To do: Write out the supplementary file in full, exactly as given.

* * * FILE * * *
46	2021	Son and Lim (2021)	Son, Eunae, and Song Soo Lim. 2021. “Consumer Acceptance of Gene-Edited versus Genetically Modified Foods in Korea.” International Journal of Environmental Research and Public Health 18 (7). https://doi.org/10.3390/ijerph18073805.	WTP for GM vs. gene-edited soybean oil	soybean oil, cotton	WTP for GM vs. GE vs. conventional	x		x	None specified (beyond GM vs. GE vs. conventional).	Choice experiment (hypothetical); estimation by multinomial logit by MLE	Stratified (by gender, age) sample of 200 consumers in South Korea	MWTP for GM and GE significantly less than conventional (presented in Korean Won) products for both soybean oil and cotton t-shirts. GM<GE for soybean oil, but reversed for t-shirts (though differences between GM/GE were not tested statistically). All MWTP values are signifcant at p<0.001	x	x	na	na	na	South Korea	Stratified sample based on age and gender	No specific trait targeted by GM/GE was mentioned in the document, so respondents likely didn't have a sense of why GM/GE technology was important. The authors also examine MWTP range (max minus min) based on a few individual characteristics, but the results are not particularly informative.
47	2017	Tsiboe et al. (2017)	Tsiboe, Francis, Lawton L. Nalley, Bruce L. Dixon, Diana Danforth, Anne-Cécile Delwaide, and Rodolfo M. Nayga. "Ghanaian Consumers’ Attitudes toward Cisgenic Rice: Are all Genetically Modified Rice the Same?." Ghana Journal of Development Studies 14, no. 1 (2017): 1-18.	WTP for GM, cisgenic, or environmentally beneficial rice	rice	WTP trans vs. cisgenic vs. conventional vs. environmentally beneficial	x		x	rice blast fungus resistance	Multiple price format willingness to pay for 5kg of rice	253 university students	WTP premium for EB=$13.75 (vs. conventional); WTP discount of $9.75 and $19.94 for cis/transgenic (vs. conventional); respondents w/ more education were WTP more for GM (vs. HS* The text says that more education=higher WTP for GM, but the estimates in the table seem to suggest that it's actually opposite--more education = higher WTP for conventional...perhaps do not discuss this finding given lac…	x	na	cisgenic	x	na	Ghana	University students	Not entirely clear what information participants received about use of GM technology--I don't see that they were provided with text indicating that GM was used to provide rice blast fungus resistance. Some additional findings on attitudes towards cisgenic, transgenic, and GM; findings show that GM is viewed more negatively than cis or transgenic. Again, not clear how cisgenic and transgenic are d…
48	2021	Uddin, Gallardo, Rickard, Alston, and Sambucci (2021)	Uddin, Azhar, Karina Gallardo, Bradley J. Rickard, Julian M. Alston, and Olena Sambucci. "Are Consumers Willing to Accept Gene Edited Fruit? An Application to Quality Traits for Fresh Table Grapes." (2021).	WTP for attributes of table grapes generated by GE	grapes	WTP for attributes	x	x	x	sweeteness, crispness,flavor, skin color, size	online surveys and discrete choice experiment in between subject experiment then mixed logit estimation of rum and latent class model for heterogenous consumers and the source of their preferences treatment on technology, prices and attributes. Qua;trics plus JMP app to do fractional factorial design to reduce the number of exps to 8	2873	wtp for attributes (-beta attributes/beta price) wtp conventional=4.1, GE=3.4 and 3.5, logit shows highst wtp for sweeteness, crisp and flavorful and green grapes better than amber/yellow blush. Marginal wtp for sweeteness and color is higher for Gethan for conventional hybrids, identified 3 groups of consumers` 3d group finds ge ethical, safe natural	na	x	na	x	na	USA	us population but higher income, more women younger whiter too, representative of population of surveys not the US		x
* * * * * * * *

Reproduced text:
46	2021	Son and Lim (2021)	Son, Eunae, and Song Soo Lim. 2021. “Consumer Acceptance of Gene-Edited versus Genetically Modified Foods in Korea.” International Journal of Environmental Research and Public Health 18 (7). https://doi.org/10.3390/ijerph18073805.	WTP for GM vs. gene-edited soybean oil	soybean oil, cotton	WTP for GM vs. GE vs. conventional	x		x	None specified (beyond GM vs. GE vs. conventional).	Choice experiment (hypothetical); estimation by multinomial logit by MLE	Stratified (by gender, age) sample of 200 consumers in South Korea	MWTP for GM and GE significantly less than conventional (presented in Korean Won) products for both soybean oil and cotton t-shirts. GM<GE for soybean oil, but reversed for t-shirts (though differences between GM/GE were not tested statistically). All MWTP values are signifcant at p<0.001	x	x	na	na	na	South Korea	Stratified sample based on age and gender	No specific trait targeted by GM/GE was mentioned in the document, so respondents likely didn't have a sense of why GM/GE technology was important. The authors also examine MWTP range (max minus min) based on a few individual characteristics, but the results are not particularly informative.
47	2017	Tsiboe et al. (2017)	Tsiboe, Francis, Lawton L. Nalley, Bruce L. Dixon, Diana Danforth, Anne-Cécile Delwaide, and Rodolfo M. Nayga. "Ghanaian Consumers’ Attitudes toward Cisgenic Rice: Are all Genetically Modified Rice the Same?." Ghana Journal of Development Studies 14, no. 1 (2017): 1-18.	WTP for GM, cisgenic, or environmentally beneficial rice	rice	WTP trans vs. cisgenic vs. conventional vs. environmentally beneficial	x		x	rice blast fungus resistance	Multiple price format willingness to pay for 5kg of rice	253 university students	WTP premium for EB=$13.75 (vs. conventional); WTP discount of $9.75 and $19.94 for cis/transgenic (vs. conventional); respondents w/ more education were WTP more for GM (vs. HS* The text says that more education=higher WTP for GM, but the estimates in the table seem to suggest that it's actually opposite--more education = higher WTP for conventional...perhaps do not discuss this finding given lac…	x	na	cisgenic	x	na	Ghana	University students	Not entirely clear what information participants received about use of GM technology--I don't see that they were provided with text indicating that GM was used to provide rice blast fungus resistance. Some additional findings on attitudes towards cisgenic, transgenic, and GM; findings show that GM is viewed more negatively than cis or transgenic. Again, not clear how cisgenic and transgenic are d…
48	2021	Uddin, Gallardo, Rickard, Alston, and Sambucci (2021)	Uddin, Azhar, Karina Gallardo, Bradley J. Rickard, Julian M. Alston, and Olena Sambucci. "Are Consumers Willing to Accept Gene Edited Fruit? An Application to Quality Traits for Fresh Table Grapes." (2021).	WTP for attributes of table grapes generated by GE	grapes	WTP for attributes	x	x	x	sweeteness, crispness,flavor, skin color, size	online surveys and discrete choice experiment in between subject experiment then mixed logit estimation of rum and latent class model for heterogenous consumers and the source of their preferences treatment on technology, prices and attributes. Qua;trics plus JMP app to do fractional factorial design to reduce the number of exps to 8	2873	wtp for attributes (-beta attributes/beta price) wtp conventional=4.1, GE=3.4 and 3.5, logit shows highst wtp for sweeteness, crisp and flavorful and green grapes better than amber/yellow blush. Marginal wtp for sweeteness and color is higher for Gethan for conventional hybrids, identified 3 groups of consumers` 3d group finds ge ethical, safe natural	na	x	na	x	na	USA	us population but higher income, more women younger whiter too, representative of population of surveys not the US		x